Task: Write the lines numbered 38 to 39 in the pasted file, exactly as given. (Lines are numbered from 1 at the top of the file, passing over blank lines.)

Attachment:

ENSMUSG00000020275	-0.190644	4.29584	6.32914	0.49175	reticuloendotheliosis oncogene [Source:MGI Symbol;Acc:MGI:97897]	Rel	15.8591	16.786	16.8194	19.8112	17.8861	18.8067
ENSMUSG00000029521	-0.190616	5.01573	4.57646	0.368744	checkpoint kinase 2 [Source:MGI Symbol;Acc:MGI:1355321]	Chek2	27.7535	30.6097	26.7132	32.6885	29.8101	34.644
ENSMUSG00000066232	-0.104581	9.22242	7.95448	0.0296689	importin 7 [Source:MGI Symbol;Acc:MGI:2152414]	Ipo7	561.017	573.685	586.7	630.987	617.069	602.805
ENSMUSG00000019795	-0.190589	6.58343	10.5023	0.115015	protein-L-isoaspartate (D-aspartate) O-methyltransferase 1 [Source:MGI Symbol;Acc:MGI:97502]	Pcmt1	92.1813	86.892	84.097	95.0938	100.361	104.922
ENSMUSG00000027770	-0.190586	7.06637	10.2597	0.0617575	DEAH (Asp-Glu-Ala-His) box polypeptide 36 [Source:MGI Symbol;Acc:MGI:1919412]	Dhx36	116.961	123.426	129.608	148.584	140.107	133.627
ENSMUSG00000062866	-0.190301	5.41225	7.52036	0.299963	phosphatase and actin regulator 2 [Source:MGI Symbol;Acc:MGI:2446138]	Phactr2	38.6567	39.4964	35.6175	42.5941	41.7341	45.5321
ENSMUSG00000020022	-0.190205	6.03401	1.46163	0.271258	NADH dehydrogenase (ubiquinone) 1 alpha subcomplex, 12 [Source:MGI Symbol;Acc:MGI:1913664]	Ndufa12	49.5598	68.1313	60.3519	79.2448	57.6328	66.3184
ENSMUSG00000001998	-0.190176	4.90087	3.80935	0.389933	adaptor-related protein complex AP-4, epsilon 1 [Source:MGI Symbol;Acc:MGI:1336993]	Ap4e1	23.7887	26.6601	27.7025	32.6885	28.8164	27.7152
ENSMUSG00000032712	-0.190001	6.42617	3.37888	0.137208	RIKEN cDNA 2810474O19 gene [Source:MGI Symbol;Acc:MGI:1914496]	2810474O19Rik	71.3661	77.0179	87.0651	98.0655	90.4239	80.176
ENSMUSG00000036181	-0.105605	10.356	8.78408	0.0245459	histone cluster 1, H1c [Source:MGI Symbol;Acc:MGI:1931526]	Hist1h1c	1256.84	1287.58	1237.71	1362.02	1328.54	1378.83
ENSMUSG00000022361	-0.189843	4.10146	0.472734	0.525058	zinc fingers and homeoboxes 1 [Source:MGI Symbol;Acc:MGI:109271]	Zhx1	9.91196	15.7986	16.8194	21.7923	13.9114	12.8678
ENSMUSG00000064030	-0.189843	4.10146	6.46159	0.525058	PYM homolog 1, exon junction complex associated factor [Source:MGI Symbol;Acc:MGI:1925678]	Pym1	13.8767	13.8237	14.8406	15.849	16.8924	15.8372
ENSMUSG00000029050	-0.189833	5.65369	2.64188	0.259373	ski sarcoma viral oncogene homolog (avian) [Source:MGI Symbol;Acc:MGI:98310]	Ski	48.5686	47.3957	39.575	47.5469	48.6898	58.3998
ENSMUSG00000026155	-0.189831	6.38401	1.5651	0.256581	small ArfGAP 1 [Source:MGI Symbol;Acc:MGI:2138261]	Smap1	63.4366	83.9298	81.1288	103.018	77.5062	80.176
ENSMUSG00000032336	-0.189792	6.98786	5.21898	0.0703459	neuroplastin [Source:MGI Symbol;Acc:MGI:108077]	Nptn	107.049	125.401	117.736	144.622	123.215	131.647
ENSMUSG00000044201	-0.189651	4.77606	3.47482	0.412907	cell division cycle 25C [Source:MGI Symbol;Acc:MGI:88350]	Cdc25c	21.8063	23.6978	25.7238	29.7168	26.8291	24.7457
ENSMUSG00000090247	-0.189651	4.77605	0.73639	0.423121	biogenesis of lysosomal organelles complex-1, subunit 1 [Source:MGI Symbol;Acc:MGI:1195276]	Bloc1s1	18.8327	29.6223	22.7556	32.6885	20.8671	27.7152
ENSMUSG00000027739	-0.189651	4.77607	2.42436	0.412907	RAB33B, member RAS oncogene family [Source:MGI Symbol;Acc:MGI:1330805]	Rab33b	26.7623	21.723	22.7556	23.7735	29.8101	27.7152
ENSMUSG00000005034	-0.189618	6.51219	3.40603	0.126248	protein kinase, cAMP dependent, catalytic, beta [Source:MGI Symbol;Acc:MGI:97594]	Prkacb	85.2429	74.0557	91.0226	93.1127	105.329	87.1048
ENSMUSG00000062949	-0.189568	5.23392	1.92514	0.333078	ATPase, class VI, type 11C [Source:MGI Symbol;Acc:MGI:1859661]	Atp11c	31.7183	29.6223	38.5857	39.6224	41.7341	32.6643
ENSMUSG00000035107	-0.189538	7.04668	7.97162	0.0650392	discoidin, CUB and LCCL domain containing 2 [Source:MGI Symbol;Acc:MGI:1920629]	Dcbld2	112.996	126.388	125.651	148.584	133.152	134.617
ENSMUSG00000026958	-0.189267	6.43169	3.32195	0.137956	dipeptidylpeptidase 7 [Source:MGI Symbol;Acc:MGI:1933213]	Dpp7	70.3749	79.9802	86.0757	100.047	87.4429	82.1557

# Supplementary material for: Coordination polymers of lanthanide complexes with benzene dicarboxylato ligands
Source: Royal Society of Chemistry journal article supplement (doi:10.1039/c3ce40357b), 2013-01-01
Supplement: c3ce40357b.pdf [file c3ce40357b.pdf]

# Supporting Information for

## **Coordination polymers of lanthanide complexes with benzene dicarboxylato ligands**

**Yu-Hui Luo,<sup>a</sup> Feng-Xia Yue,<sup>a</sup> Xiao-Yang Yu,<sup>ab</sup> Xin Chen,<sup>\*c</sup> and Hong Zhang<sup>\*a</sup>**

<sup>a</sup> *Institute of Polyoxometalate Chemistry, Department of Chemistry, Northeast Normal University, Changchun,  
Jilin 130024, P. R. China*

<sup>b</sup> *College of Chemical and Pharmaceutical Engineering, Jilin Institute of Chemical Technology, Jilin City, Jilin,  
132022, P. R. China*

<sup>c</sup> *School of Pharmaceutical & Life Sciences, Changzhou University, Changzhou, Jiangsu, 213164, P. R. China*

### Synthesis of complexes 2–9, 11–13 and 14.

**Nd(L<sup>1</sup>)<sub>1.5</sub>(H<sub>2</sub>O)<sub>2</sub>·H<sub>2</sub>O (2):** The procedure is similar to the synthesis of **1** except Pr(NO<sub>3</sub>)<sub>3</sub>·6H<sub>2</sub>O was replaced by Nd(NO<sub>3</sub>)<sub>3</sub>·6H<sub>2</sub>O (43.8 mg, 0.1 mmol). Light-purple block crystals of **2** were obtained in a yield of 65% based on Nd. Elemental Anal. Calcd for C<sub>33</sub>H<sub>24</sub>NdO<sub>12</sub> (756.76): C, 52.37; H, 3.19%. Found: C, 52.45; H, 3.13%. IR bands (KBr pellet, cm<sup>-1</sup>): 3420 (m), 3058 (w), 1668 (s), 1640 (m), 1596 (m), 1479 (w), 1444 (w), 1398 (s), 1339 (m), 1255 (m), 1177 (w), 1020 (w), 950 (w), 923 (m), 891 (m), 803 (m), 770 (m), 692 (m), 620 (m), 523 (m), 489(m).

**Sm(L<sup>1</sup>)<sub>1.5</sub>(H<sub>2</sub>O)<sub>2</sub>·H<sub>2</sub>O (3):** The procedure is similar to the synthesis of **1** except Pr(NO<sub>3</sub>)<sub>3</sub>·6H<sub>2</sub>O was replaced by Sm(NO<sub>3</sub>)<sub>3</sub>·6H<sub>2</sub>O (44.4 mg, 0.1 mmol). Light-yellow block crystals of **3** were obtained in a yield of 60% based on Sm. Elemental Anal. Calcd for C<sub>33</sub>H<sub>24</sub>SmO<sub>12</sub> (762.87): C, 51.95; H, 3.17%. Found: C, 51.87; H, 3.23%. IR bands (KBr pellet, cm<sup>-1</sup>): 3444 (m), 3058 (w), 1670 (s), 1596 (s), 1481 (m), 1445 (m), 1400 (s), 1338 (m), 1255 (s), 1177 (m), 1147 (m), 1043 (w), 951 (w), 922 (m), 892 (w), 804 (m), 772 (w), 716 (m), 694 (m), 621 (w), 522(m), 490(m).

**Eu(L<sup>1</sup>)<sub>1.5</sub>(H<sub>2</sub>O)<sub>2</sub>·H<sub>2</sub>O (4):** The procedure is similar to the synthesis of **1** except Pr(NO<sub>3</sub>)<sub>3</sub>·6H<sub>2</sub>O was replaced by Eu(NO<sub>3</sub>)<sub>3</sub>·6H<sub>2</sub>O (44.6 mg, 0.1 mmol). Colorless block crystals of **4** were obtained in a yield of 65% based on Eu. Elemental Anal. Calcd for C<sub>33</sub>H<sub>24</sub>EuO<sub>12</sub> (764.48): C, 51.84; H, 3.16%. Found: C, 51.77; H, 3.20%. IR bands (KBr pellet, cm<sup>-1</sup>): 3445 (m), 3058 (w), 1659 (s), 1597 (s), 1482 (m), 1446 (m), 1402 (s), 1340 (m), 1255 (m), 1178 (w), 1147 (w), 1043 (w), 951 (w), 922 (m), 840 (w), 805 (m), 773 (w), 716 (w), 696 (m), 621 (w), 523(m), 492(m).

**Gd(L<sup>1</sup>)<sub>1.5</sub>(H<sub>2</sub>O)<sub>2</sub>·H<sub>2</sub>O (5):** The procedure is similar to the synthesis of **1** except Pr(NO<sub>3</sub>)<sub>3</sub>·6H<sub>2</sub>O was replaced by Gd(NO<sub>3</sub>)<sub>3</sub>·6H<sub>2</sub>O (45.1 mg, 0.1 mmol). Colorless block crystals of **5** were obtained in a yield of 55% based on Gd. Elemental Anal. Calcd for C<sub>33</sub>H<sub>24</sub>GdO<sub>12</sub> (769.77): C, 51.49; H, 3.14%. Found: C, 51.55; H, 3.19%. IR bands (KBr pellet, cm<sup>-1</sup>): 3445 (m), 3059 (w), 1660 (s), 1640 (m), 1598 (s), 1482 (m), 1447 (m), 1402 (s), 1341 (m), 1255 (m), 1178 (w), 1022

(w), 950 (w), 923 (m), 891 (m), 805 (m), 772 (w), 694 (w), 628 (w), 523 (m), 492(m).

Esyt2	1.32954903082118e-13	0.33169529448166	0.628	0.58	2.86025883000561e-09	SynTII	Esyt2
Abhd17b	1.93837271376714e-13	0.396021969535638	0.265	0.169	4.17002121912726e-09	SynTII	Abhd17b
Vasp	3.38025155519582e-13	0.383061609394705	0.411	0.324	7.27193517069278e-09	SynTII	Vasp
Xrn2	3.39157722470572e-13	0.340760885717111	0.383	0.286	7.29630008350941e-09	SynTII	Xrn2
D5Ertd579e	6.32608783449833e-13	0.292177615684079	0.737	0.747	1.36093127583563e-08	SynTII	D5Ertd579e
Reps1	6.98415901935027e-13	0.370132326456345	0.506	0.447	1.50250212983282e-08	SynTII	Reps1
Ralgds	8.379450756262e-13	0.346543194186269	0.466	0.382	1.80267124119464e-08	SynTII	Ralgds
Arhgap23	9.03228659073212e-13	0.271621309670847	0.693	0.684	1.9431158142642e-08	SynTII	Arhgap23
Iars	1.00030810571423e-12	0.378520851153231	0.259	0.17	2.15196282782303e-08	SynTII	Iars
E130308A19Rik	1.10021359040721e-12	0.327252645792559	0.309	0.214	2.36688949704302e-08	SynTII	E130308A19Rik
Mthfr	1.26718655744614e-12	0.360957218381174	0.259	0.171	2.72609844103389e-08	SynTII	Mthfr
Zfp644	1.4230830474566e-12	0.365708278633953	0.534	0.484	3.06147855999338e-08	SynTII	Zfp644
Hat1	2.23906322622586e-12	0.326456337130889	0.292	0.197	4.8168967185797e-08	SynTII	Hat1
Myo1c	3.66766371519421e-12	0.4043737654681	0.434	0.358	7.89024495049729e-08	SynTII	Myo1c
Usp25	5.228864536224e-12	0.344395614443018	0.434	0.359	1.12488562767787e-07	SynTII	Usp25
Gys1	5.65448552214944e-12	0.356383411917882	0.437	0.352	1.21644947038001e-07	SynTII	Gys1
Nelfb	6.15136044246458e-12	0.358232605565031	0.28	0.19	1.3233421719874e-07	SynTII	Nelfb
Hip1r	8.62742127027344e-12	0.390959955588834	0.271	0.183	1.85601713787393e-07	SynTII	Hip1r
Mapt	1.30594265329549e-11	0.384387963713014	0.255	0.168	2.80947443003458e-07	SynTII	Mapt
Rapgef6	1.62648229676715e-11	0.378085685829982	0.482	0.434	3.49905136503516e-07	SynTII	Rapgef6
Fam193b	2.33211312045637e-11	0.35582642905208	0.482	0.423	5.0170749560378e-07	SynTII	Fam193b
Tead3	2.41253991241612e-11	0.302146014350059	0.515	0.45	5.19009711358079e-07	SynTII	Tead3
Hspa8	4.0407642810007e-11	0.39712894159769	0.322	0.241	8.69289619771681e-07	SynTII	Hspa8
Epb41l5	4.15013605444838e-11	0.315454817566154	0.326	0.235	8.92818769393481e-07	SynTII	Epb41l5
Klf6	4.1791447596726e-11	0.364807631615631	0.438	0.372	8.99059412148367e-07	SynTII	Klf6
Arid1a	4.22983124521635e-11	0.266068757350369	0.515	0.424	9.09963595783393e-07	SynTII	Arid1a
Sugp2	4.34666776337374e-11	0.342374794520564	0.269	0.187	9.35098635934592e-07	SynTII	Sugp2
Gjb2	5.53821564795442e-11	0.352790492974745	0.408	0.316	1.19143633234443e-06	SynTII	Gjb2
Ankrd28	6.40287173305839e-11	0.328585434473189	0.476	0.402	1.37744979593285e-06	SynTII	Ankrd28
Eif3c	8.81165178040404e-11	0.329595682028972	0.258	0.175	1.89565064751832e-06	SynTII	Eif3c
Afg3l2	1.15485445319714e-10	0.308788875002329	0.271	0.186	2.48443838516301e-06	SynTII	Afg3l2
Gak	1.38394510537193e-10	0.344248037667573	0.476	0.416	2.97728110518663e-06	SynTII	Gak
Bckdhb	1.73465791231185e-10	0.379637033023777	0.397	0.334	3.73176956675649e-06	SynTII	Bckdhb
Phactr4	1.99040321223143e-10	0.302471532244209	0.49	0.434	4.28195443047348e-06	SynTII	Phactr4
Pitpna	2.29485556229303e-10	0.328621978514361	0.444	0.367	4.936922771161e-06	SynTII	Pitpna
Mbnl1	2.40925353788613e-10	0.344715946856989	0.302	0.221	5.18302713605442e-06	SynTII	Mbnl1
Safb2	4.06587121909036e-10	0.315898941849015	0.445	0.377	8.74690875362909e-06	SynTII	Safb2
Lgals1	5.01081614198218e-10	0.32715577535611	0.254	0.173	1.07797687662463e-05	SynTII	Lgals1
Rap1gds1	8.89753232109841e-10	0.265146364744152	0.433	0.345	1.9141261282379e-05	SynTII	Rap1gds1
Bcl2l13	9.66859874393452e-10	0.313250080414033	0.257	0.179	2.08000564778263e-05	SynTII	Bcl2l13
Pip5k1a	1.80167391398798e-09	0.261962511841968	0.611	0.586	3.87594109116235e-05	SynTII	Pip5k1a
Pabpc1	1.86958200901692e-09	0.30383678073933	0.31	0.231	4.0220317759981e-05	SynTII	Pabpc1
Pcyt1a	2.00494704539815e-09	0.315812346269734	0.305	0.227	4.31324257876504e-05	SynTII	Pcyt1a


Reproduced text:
**Gd(L<sup>1</sup>)<sub>1.5</sub>(H<sub>2</sub>O)<sub>2</sub>·H<sub>2</sub>O (5):** The procedure is similar to the synthesis of **1** except Pr(NO<sub>3</sub>)<sub>3</sub>·6H<sub>2</sub>O was replaced by Gd(NO<sub>3</sub>)<sub>3</sub>·6H<sub>2</sub>O (45.1 mg, 0.1 mmol). Colorless block crystals of **5** were obtained in a yield of 55% based on Gd. Elemental Anal. Calcd for C<sub>33</sub>H<sub>24</sub>GdO<sub>12</sub> (769.77): C, 51.49; H, 3.14%. Found: C, 51.55; H, 3.19%. IR bands (KBr pellet, cm<sup>-1</sup>): 3445 (m), 3059 (w), 1660 (s), 1640 (m), 1598 (s), 1482 (m), 1447 (m), 1402 (s), 1341 (m), 1255 (m), 1178 (w), 1022

(w), 950 (w), 923 (m), 891 (m), 805 (m), 772 (w), 694 (w), 628 (w), 523 (m), 492(m).